Welcome reaches over to the mouse pad and moves to select the picture of a smiling farmer from the top of the screen. Moeketsi slaps her hand away and uses the track pad to move the sprite down, placing the image next to the sentence: "I water the plant every day."
The two nine-year-old girls smile in celebration as the image slots into place, then move on to the next challenge in their virtual workbook. They're studying English: First Additional Language in the manner of students at schools all over South Africa.
What makes it unusual is that this class is in Muzomuhle Primary School in Diepsloot, a sprawling informal settlement to the north of Johannesburg where access to IT is a distant priority behind basic sanitation, electricity and water.
Diepsloot is home to somewhere between a quarter to a half a million people, of whom somewhere between 50 percent and 80 percent are out of work, depending which statistics you read. It regularly hits the headlines due to high levels of violent crime and outbreaks of vicious xenophobic attacks on foreign-owned stores, but as with most places characterised by extreme poverty, life in Diepsloot is a lot more complex than it outwardly appears: but the fact is that access to computers here — just a few kilometres from the African HQs of Microsoft, Sage, SAP, Samsung et al — is rare.
Welcome and Moeketsi, however, are part of a nationwide pilot program being co-ordinated by Intel and the department of basic education to evaluate the most effective way of deploying computers in primary schools.
"We decided to use the computers with our grade 3 classes rather than our older children because we don't have the skills to teach computer sciences here," principal John Ramarumo said, "so we wanted to focus instead on exposing them to IT as soon as early as possible, even if they do not use it for a few years, the foundations have been set."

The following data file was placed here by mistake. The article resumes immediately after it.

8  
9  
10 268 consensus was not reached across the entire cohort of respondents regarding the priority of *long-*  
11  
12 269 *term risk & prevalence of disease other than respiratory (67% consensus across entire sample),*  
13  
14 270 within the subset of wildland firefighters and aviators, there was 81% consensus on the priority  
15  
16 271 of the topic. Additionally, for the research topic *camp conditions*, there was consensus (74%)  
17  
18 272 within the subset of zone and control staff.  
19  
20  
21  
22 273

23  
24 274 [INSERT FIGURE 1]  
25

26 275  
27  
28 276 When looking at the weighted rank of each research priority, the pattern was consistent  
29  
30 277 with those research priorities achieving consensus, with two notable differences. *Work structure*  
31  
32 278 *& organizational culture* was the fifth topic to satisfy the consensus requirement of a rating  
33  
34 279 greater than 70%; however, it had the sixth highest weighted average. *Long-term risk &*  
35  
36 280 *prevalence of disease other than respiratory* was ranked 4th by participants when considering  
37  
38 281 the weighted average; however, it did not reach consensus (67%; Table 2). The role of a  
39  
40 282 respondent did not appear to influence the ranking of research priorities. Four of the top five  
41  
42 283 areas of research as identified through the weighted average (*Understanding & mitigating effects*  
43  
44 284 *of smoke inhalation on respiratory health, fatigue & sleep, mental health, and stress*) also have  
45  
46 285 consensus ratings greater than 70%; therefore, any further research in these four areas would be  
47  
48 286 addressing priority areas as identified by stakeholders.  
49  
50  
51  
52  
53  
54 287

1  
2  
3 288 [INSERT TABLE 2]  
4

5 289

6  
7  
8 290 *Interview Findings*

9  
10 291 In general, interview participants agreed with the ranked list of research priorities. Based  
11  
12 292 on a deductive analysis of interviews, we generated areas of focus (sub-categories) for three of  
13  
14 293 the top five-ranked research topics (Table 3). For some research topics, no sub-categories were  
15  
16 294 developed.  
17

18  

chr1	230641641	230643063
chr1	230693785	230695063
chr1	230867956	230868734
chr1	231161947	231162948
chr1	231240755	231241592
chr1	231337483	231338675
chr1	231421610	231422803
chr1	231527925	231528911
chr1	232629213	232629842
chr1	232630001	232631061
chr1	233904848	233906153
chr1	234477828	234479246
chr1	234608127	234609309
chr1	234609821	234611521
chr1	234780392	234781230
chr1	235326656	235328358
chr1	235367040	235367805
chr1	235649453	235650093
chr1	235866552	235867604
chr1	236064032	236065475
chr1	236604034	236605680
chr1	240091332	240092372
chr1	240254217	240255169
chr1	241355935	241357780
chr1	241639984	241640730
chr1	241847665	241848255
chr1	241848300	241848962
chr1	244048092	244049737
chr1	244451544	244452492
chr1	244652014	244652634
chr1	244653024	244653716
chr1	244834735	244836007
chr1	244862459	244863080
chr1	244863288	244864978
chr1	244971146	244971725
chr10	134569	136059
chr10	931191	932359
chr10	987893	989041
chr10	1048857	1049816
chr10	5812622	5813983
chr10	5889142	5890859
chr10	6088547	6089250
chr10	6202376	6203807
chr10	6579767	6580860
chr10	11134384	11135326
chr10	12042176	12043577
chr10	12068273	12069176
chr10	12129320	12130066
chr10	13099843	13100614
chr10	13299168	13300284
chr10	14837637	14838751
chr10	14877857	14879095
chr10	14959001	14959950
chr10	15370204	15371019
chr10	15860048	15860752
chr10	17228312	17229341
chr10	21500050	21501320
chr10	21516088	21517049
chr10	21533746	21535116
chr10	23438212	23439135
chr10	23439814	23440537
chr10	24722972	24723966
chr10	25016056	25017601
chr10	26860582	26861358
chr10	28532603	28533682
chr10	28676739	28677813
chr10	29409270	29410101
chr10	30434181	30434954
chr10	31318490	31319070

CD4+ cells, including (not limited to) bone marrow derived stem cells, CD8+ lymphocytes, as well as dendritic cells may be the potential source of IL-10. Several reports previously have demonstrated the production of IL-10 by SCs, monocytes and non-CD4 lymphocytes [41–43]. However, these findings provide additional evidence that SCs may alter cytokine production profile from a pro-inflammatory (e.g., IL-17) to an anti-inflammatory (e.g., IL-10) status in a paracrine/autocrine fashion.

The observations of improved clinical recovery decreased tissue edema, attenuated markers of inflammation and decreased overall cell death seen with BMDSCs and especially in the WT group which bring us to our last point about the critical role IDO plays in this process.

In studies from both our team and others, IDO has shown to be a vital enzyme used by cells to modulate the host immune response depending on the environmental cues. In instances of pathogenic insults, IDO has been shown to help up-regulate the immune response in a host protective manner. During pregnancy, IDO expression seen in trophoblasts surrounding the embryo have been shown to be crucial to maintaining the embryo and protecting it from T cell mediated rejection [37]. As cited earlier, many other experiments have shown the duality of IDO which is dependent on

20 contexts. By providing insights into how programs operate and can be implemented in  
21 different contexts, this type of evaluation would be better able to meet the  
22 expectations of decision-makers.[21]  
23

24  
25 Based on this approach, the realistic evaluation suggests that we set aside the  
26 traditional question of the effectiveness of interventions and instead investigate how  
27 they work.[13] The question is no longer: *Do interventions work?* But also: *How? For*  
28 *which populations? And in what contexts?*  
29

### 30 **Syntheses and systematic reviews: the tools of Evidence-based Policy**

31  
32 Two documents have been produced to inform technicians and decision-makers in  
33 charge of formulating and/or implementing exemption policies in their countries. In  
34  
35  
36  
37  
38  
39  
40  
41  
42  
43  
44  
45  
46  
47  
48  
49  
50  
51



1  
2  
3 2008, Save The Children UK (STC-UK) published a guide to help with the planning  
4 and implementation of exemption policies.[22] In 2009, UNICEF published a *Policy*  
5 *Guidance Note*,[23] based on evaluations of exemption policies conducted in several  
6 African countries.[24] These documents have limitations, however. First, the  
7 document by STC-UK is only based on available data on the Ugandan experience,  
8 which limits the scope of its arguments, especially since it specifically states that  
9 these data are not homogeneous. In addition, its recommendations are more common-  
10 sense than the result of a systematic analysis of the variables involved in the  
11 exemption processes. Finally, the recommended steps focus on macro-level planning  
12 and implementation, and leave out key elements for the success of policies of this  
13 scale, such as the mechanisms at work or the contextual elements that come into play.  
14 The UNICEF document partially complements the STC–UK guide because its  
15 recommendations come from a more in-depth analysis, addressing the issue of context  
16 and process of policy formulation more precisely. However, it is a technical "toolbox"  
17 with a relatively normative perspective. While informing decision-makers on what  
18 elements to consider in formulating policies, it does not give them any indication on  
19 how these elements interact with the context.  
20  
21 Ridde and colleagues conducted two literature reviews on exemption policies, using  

The pilot began in November, when Muzomuhle was given a large wheeled cabinet with 22-built in charging stations for the same number of laptops. It's designed for schools such as this — it can be locked up in the safe room overnight, and moved from classroom to classroom as required. Typically, schools have previously been provided with computer labs, but securing a whole new room is tricky, and theft is a big issue.
Ramarumo says that he has noticed almost immediate benefits.
"The biggest change has been in learning English," he said. "Up to grade 3, learners are taught in their home language, but from grade 4 [the national curriculum] requires that they are taught in English — and that can be a difficult transition. With the computers, the children enjoy using them and because everything is in English, they are learning and building confidence without realising."
Muzomuhle is exactly the kind of school that must have been in Nicholas Negroponte's mind when he launched the One Laptop Per Child project in 2005. And it's also exactly the kind of place which probably explains why recently rumours started to swirl that the project was winding down.
OLPC still exists, according to vice president of business development Giulia D'Amico, and will focus on software development. It's potentially a smart move — tablet computers that cost less than $100 are commonplace now and in South Africa, at least, it's relatively easy to find a business that will donate a box of low-cost computers to underprivileged schools in order to meet its corporate social responsibility obligations.
Core, the local Apple distributor, has a special bundle of iPads and flight cases it sells just for this purpose.